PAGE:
To date, our stories have reached millions of readers through our media partners and our own site, and they have affected positive change. In the wake of our judicial misconduct piece, statewide review panels are increasingly scrutinizing the personal finances of judges and other links that could impinge on their impartiality. Our story on the College of Faith has encouraged new legislation that would more tightly regulate for-profit and religious-based schools. In June, for example, the U.S. Department of Education proposed sweeping reforms aimed at reducing fraud and abuse in the sector.
Another element of the foundation’s education program involves a collaboration with LexisNexis.
Many independent journalists do not have access to industry-level research tools. To help level the playing field, Hamilton struck a deal with LexisNexis so that freelancers could get access to its information at a 75 percent discount, while he and a team from LexisNexis provide free training. The instruction, through webinars and individual coaching, shows reporters to how to best use these archives to develop stories and complete assignments. The foundation covers the cost of the $240 yearly subscription for any contributor working for the foundation.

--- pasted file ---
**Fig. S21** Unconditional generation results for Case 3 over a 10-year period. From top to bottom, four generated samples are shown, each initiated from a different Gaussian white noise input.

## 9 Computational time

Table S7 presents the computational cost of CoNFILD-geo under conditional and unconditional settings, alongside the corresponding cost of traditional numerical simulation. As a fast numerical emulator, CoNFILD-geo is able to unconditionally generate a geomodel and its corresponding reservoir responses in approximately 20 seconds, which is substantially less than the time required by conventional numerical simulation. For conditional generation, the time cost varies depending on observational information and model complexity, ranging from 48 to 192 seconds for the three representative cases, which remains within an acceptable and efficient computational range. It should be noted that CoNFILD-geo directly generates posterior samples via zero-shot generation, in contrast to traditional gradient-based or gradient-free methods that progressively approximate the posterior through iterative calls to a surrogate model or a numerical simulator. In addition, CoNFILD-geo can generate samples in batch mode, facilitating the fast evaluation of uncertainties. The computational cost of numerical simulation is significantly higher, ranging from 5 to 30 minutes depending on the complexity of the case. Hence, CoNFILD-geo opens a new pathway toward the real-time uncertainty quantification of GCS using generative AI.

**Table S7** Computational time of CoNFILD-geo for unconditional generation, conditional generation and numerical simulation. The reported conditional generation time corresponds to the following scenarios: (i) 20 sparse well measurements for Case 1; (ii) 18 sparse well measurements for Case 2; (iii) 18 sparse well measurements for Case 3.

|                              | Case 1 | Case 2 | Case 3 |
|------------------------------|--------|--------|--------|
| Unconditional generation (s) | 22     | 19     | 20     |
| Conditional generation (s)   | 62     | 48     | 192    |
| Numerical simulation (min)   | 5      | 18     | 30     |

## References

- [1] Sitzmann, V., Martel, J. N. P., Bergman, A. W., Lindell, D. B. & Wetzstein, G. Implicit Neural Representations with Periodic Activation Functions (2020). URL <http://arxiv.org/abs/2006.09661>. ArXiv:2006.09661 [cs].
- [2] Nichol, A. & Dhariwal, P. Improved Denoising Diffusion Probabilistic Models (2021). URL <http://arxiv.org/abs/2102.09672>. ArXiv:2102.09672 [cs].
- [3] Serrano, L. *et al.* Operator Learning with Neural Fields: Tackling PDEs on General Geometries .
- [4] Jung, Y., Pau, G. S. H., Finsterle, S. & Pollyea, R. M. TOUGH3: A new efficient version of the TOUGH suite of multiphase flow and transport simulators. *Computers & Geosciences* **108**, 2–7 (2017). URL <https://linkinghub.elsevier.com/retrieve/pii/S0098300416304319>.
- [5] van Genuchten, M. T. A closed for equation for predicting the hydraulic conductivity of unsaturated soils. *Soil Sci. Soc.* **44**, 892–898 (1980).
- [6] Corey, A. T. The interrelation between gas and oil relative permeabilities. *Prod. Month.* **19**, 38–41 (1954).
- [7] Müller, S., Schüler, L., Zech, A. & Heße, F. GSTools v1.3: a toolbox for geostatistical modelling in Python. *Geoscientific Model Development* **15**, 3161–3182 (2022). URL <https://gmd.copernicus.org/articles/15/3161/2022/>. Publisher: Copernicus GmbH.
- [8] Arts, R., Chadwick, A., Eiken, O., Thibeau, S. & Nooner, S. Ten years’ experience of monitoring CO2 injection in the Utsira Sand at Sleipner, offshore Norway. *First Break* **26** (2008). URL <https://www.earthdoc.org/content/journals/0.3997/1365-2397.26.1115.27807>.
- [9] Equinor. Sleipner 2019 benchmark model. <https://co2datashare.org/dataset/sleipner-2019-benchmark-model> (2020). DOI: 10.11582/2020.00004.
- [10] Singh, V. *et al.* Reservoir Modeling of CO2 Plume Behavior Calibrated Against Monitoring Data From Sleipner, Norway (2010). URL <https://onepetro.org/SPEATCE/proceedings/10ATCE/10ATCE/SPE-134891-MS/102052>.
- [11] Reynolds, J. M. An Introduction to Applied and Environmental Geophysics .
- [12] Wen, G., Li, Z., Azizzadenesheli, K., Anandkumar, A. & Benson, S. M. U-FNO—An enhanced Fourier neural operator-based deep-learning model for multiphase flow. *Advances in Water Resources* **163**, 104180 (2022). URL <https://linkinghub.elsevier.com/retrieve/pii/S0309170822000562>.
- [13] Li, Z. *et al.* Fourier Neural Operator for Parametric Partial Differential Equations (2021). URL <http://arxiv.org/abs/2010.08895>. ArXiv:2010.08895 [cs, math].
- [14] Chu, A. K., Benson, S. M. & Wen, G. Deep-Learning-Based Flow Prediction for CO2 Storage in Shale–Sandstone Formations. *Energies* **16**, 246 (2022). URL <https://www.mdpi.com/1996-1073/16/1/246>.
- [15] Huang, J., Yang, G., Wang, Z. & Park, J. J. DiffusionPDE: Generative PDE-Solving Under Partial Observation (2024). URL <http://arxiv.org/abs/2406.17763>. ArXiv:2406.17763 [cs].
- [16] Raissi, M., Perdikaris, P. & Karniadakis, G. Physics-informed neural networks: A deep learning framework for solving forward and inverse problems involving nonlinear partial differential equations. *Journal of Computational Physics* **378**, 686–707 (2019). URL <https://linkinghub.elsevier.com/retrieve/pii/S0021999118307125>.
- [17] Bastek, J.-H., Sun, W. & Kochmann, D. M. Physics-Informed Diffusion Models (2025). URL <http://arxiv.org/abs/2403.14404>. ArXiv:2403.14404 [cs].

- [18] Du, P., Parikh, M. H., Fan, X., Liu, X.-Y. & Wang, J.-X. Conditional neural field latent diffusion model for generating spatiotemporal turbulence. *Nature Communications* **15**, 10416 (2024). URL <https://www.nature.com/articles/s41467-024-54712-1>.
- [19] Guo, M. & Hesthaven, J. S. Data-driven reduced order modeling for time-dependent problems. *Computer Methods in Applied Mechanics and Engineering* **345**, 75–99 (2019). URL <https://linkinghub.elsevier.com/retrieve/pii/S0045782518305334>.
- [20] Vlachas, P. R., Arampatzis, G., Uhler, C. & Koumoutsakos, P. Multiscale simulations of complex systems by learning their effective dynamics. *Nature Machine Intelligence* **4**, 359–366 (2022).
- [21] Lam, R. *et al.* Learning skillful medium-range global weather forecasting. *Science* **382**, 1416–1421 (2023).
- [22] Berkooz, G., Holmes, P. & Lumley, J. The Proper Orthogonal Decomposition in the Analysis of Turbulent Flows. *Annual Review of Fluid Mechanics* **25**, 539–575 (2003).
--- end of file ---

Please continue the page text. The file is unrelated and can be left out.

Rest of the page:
The Columbia Journalism School has embraced the LexisNexis project, with the school’s associate director, Gina Boubion, calling it “incredible…a valuable benefit.” Said Allen Salkin, best-selling author and former New York Times reporter, “This deal is a public service to those of us still scrivening.”
Today Contently is supporting the foundation solely with proceeds from our business, and we will continue to do that. However, we have embarked on a major fundraising campaign, asking for support from other foundations so that we can extend our journalism work. We also seek to expand our educational program and hire a small full-time staff, including Hamilton, who has devoted his career to investigative journalism and to teaching.